Anne Flaherty presented this paper at the 33rd annual meeting of the American Conference for Irish Studies-Western Regional [ACIS-West]. The theme of the conference, held in October 2017 at the Davenport Hotel in Spokane, Washington, was “Ireland, Irish America, and Work.”

Pennsylvania’s “Molly Maguire” history is such an odd blend of fact and fiction, it’s hard to know where to start.
Margaret Kehoe
Eldest Daughter of John Kehoe
Born Schuylkill County, PA
Citca 1868

I came to this work through my relationship to John Kehoe, alleged “King of the Mollies. My mother’s family was descended from Kehoe’s eldest daughter, Margaret. Margaret was about ten when her father was hanged. To give an idea of the scope of this conflict, Margaret was one of at least forty-three children of alleged “Mollies” left fatherless after the executions (nine of the twenty-one condemned men were forty years of age or older).

My grandmother and great-aunts, Margaret’s daughters, said of these prosecutions, “It was political.” They believed the Hibernians hanged as “Mollies” to be innocent, and they believed them to be champions of labor. But they also believed that the moving force behind the prosecutions was political. My mother believed the same.

I used that belief as a guide when I viewed materials in archives and libraries in five states. My search has taken more than fifteen years and has yielded some startling and dramatic finds. I discovered that from 1871 to 1875, Pennsylvania’s Hibernians charged as terroristic “Mollies” had become a social, political, religious, and industrial force.

I’ll highlight a few of the documents that led me to that conclusion.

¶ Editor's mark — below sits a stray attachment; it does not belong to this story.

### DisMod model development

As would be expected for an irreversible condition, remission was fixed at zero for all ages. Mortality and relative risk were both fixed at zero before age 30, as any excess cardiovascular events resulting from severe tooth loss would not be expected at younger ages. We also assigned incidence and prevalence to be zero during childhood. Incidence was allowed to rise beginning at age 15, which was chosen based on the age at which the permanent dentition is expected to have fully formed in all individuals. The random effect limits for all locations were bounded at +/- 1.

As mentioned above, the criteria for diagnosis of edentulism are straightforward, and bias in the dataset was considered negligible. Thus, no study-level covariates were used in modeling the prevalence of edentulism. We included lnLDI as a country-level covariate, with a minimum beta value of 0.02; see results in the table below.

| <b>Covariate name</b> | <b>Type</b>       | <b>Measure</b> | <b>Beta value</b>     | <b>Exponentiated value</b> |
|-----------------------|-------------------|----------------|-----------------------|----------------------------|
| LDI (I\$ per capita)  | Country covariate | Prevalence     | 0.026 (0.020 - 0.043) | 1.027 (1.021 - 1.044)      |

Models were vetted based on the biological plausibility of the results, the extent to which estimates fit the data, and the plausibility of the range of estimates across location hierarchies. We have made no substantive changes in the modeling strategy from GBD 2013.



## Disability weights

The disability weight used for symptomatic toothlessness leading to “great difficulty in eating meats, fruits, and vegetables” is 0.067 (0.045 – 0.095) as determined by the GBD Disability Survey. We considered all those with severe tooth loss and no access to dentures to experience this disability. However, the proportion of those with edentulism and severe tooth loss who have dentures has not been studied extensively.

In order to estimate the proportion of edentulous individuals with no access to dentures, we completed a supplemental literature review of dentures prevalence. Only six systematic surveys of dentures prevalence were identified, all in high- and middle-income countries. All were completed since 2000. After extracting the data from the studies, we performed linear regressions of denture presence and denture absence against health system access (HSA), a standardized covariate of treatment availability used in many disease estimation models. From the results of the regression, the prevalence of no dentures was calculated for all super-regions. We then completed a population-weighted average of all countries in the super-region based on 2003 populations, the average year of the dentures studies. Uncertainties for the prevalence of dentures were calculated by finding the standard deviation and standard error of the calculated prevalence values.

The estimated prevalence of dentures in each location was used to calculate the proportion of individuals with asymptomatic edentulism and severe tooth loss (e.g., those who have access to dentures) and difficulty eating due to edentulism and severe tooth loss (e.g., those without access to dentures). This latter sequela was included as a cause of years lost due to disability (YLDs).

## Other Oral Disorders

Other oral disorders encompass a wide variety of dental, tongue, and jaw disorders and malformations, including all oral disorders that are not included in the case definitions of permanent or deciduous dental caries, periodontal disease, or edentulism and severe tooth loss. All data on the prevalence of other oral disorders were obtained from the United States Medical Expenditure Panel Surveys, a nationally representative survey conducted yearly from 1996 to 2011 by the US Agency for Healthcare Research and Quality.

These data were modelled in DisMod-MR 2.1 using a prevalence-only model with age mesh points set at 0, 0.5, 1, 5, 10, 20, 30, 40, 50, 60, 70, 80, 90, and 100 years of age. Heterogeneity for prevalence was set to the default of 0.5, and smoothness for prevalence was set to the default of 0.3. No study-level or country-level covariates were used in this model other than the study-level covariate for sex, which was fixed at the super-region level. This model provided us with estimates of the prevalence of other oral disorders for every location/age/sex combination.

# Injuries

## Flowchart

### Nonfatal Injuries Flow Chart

Revised AOH Charter, Pennsylvania
Filed at Harrisburg, March 1871

All of the alleged “Mollies” belonged to the Irish Catholic benevolent order known as the Ancient Order of Hibernians [AOH]. On their initiation into the order, all received a copy of the AOH constitution and by-laws. The order provided death, disability, and funeral benefits to members. 

In March 1871, Pennsylvania's Hibernians filed a revised AOH charter with the state legislature at Harrisburg. A few facts illuminate that 1871 filing.

Fact #1: Hibernians in New York City and Hibernians in Schuylkill County, at the heart of Pennsylvania’s hard coal region, shared a decades-long history. In 1836, the two groups joined together to secure the first U.S. AOH charter from Great Britain.

Three and a half decades later, Pennsylvania’s AOH men and New York’s AOH men filed an almost identical revised charter with their respective state legislatures. A long chain of relationship bound these two groups together. We’ll see that in a bit with John Kehoe’s relationship to the New York AOH officers.

Fact #2: At least one alleged “Molly” is tied to the filing of this revised AOH charter at Harrisburg. A bizarre series of events that involved a hostile coal region priest and three Hibernians trying to bury a fellow member in consecrated ground yielded the clue that Patrick Hester, AOH officer from Northumberland County later hanged as a “Molly,” was one of the Hibernians who helped lobby Pennsylvania’s revised AOH charter through the state legislature.

The charter’s language is powerful, even profound.

Its preamble contains a poem that begins:

These laws though human,
Spring from Love Divine,
Love laid the scheme—